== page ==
William K. Howard, American director who made some 50 films, notably The Power and the Glory (1933), a drama known for its narrative structure, and the historical epic Fire over England (1937). Following his graduation from the Ohio State University, Howard managed movie theatres and sold film

  • howardite (meteorite)

    achondrite: diogenites, eucrites, howardites, lodranites, nakhlites, shergottites, and ureilites. The howardites, eucrites, and diogenites (HEDs) are from the large asteroid Vesta. The shergottites, nakhlites, and chassignites almost certainly came from Mars. In addition, a small group of achondrites are believed to be derived from the

  • Howards End (film by Ivory [1992])

    Merchant and Ivory: …with a View (1986), and Howards End (1992)—all of which won awards. For the latter two films, Ivory received Academy Award nominations for best director, and both were nominated for best picture. By the time The Remains of the Day was released in 1993, the filmmaking team was well established.…

  • Howards End (novel by Forster)

    Howards End, novel by E.M. Forster, published in 1910. The narrative concerns the relationships that develop between the imaginative, life-loving Schlegel family—Margaret, Helen, and their brother Tibby—and the apparently cool, pragmatic Wilcoxes—Henry and Ruth and their children Charles, Paul, and

  • Howarth, Hedley John (New Zealand cricketer)

    Hedley John Howarth, New Zealand cricketer (born Dec. 25, 1943, Auckland, N.Z.—died Nov. 7, 2008, Auckland), was the foremost left-arm slow bowler for New Zealand in the 1970s. At the time of his death, Howarth’s 541 career first-class wickets were second only to Sir Richard Hadlee’s 1,490 among

  • Howarth, Robert (American biologist)

    shale gas: Critics and skeptics: Both Hughes and American biologist Robert Howarth of Cornell University, Ithaca, New York, dismiss claims that shale gas is “green.” They argue that, after accounting for all the energy consumed and all the pollutants emitted during all the steps from exploration to combustion, drilling and fracking actually produce a fuel…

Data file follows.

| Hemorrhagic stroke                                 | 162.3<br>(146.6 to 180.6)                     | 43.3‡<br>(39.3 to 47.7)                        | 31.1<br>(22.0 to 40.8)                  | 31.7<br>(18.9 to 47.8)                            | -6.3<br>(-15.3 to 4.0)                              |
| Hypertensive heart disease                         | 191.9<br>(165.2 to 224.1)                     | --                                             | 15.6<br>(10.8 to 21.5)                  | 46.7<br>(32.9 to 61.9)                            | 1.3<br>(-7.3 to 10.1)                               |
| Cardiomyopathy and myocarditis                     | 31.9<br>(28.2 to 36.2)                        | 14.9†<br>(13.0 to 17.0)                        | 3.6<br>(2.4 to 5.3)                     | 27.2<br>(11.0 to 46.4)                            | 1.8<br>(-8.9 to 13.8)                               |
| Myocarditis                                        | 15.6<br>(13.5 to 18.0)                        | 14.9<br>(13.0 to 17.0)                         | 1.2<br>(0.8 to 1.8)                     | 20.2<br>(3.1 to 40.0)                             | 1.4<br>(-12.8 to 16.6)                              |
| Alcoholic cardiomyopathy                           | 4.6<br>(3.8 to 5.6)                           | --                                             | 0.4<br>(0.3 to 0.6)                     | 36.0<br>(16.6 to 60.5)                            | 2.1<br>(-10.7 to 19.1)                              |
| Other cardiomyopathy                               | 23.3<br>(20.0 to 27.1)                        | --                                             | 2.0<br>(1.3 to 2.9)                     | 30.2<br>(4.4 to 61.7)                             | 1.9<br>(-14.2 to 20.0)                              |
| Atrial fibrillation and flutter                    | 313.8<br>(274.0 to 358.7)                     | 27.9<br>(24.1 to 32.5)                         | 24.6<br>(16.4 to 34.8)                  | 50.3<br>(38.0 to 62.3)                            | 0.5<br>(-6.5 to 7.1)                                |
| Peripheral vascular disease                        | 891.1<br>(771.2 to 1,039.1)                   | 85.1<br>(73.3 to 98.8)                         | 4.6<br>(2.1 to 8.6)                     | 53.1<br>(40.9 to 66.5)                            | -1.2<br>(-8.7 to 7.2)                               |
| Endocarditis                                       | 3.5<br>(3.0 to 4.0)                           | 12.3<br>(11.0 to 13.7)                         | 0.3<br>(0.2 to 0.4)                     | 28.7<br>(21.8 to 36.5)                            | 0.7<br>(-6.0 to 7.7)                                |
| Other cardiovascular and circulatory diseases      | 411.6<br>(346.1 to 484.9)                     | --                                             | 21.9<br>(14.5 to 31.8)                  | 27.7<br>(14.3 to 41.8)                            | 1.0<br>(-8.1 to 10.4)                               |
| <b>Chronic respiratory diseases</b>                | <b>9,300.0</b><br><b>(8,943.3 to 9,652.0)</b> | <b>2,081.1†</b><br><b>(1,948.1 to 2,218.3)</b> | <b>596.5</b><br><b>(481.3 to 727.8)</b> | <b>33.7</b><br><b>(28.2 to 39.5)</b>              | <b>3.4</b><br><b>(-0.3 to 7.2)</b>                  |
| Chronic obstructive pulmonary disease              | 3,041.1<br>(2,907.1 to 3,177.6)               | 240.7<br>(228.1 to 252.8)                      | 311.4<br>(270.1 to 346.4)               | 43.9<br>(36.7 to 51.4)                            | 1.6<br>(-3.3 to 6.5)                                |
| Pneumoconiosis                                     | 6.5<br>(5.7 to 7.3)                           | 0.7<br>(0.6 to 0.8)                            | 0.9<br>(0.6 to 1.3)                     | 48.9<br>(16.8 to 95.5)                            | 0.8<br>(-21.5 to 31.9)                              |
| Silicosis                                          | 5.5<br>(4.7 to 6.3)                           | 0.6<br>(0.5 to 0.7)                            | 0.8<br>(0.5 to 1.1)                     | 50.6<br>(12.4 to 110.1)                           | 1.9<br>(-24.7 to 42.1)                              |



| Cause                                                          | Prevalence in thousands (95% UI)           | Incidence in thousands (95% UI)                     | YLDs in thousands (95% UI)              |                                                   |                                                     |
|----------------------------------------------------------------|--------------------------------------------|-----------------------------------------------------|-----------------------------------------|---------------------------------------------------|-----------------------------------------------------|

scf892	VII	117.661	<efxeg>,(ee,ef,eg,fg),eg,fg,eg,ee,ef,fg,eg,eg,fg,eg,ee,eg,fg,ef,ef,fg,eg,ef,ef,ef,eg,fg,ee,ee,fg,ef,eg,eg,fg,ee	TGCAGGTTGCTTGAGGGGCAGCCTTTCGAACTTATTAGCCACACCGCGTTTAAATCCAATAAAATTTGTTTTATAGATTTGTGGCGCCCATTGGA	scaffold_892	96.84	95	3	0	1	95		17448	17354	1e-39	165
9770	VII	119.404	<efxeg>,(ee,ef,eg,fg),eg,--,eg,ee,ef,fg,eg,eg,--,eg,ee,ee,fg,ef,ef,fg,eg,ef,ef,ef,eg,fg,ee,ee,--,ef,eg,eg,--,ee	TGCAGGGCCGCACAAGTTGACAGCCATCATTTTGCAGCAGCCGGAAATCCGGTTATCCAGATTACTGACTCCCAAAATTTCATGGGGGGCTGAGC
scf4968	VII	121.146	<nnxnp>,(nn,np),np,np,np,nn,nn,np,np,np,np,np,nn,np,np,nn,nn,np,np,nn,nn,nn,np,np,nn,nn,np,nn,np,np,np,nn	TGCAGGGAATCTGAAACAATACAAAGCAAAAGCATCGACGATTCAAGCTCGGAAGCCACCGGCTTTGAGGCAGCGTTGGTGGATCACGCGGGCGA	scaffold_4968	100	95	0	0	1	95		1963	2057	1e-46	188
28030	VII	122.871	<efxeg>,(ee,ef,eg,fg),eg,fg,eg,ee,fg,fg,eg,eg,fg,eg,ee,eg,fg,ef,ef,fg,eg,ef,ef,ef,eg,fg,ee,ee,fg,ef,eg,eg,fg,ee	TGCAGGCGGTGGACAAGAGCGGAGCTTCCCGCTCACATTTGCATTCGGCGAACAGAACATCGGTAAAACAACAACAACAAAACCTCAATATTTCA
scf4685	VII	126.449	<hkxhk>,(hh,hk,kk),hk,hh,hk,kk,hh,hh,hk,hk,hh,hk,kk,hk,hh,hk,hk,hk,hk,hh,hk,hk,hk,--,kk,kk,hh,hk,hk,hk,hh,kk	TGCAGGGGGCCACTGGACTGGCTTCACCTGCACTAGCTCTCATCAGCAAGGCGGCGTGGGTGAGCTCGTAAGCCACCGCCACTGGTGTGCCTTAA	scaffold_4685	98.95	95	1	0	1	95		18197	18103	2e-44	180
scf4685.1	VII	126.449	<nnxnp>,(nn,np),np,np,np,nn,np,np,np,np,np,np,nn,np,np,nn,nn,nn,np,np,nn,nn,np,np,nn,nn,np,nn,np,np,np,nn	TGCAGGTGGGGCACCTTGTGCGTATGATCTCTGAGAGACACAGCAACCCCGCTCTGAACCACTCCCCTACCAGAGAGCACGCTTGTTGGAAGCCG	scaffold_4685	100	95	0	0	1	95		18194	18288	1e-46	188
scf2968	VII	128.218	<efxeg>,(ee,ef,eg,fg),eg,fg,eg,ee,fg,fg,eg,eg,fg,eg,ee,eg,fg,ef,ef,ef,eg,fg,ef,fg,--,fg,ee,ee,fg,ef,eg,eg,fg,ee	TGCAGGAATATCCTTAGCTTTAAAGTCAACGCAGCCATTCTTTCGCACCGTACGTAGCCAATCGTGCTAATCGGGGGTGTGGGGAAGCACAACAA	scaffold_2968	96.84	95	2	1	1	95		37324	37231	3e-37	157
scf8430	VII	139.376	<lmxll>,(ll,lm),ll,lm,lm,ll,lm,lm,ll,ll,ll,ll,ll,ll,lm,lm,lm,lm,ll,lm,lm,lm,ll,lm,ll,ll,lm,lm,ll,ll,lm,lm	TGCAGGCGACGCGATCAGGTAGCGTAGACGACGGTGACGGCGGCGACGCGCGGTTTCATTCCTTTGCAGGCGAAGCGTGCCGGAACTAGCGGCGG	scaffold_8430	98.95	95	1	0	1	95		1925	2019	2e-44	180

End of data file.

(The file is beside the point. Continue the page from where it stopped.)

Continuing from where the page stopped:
• howdah (carriage)

    saddle: They are usually called howdahs (Hindi: hauda).

  • Howdy Doody (puppet character)

    National Broadcasting Co., Inc.: Television and beyond: …of such programs as The Howdy Doody Show (1947–60) and Kraft Television Theatre (1947–58; another version appeared on ABC in 1953–55) and such stars as Milton Berle and Sid Caesar, NBC television perennially ran second in the ratings to CBS. Even so, NBC remained a leader in the field of…

  • Howe Caverns (caves, New York, United States)

    Howe Caverns, series of underground caves in Schoharie county, east-central New York, U.S. The site is located 38 miles (61 km) west of Albany. Named for Lester Howe, who is credited with their discovery in 1842, the limestone caves are 160–200 feet (50–60 metres) below the surface. They contain

  • Howe Hill (hill, Australia)

    Cape Howe: …to the conspicuous landmark of Howe Hill (1,297 feet [395 m]). Sighted in 1770 by the British navigator Captain James Cook, the cape was named after Richard, Lord Howe, then treasurer of the Royal Navy.